- I. Introduction
- 1. Why a Source Book?
- 2. Opportunities and Challenges
- 3. The Extractive Industries
- II. Cross-Cutting Topics
- 4. Transparency and Accountability
- III. The Extractive Industries Value Chain
- 5. Policy, Legal and Contractual Framework
- 6. Sector Organization and Institutions
- 7. Fiscal Design and Administration
- 8. Revenue Management and Distribution
- 9. Sustainable Development
Gabon is a country in west-central Africa bordering the Atlantic Ocean and Gulf of Guinea at the Equator. It shares borders with Equatorial Guinea to the northwest, with Cameroon to the north and with the Republic of the Congo to the east and south. Gabon covers a total area of 267,667 km2 of which about 3.7% is water. The terrain comprises a narrow coastal plain with patches of mangroves and a hilly interior comprising the Cristal Mountains in the northeast and Chaillu Massif in the centre risiing to 1575m at Mont Iboundji. Gabon has three major karst areas where there are hundreds of caves. It’s largest river is the Ogooué which is 1200km long. Rainforest covers about 85% of the country and is the highest proportion in Africa. More than 11% of the nation's territory is national park, one of the highest percentages of any nation the world.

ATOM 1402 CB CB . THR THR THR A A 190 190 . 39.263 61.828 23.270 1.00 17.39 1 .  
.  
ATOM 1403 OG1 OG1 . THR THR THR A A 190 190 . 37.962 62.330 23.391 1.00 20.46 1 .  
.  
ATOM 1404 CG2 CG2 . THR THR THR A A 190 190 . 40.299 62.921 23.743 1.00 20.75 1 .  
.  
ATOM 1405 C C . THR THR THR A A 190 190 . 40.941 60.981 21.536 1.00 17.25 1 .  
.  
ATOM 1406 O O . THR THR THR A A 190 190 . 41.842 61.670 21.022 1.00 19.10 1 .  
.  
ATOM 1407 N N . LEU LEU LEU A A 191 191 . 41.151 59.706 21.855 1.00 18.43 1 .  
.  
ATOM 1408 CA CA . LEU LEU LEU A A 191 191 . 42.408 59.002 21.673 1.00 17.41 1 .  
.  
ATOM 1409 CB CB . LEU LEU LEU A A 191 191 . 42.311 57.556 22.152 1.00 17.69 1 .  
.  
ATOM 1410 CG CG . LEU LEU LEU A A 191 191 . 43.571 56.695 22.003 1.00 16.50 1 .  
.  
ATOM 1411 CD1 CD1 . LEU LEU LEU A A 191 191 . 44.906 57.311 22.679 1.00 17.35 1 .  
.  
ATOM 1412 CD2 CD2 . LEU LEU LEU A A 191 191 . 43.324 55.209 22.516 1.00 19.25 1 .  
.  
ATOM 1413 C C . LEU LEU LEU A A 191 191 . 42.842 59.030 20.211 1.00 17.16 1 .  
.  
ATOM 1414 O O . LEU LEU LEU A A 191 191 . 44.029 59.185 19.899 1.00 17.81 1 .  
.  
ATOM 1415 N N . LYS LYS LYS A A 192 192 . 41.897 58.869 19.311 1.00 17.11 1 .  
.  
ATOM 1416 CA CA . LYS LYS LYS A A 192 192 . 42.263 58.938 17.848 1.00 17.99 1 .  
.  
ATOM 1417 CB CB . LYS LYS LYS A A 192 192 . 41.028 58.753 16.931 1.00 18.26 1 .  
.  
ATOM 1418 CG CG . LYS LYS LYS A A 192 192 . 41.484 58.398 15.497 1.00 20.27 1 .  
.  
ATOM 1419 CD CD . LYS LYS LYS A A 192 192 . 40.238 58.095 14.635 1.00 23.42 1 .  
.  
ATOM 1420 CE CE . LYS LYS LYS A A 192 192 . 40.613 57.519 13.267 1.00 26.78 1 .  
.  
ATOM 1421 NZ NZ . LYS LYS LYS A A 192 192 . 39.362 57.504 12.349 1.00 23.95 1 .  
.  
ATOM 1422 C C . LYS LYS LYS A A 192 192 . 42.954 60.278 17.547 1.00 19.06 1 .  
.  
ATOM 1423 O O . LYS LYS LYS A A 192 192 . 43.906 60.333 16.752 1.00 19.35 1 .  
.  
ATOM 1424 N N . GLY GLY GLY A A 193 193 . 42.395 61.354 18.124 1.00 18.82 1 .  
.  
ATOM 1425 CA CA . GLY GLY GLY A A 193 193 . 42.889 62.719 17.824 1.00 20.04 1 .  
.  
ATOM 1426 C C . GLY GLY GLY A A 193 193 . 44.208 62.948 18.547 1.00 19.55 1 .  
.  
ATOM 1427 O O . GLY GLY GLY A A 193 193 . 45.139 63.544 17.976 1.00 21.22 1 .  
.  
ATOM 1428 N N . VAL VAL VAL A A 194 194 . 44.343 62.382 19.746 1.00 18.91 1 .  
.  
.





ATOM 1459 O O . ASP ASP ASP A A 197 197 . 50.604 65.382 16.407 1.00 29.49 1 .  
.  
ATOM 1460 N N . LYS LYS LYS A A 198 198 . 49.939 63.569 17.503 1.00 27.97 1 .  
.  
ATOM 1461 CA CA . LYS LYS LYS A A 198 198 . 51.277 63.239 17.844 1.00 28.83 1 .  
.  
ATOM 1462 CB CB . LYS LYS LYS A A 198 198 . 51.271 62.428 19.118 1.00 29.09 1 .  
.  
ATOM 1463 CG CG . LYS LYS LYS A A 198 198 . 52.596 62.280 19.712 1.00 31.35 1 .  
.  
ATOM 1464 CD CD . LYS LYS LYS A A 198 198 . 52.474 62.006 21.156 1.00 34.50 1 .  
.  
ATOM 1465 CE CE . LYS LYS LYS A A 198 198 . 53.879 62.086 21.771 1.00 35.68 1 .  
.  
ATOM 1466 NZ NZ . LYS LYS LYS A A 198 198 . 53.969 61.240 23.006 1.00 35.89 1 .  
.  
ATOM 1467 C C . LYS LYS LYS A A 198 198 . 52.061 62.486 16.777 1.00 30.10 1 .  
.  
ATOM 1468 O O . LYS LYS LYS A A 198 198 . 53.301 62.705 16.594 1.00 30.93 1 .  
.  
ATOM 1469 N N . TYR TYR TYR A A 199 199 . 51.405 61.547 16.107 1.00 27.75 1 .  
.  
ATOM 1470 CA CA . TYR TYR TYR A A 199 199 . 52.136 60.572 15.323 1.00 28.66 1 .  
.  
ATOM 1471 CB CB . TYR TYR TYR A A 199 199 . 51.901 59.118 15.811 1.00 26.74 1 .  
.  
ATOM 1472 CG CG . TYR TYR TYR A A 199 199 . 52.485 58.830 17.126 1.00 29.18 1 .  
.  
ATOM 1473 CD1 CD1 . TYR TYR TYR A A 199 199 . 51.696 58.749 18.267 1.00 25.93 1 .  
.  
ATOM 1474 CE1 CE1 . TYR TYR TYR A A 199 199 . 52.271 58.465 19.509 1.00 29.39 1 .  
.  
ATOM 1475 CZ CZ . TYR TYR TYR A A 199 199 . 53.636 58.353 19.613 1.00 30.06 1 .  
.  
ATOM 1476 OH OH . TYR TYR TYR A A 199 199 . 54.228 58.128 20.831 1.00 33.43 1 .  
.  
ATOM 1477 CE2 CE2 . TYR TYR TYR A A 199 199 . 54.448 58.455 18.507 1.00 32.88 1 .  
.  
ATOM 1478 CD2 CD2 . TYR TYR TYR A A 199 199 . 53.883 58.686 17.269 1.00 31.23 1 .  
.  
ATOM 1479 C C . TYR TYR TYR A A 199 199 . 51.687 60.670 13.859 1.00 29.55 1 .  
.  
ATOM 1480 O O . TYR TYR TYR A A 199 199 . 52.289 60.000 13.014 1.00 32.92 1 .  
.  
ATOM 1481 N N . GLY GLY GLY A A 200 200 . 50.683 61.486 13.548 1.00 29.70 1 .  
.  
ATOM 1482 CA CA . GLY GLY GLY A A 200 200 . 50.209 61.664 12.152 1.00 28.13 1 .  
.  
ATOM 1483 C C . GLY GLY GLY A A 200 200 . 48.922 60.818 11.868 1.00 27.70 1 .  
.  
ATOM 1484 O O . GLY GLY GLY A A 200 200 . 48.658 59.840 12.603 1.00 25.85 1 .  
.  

Gabon is located at the north-western margin of the Congo Craton. Three major stratigraphic units can be distinguished: Archean basement and Proterozoic supercrustals, which together cover about 75% of the country, and the Phanerozoic sedimentary cover, which is dominantly of Cretaceous age or younger. The oldest units belong to the cratonic basement of West Africa and comprise a granitoid terrane in the south, the Chaillu Massif, and a mixed granitoid-granulite-charnockite assemblage in the north. Proterozoic rocks comprise meta-sedimentary and volcanic of variable grade and a series of high-grade remobilised basement domes plus a major suite of dolerite dykes dated at 970Ma.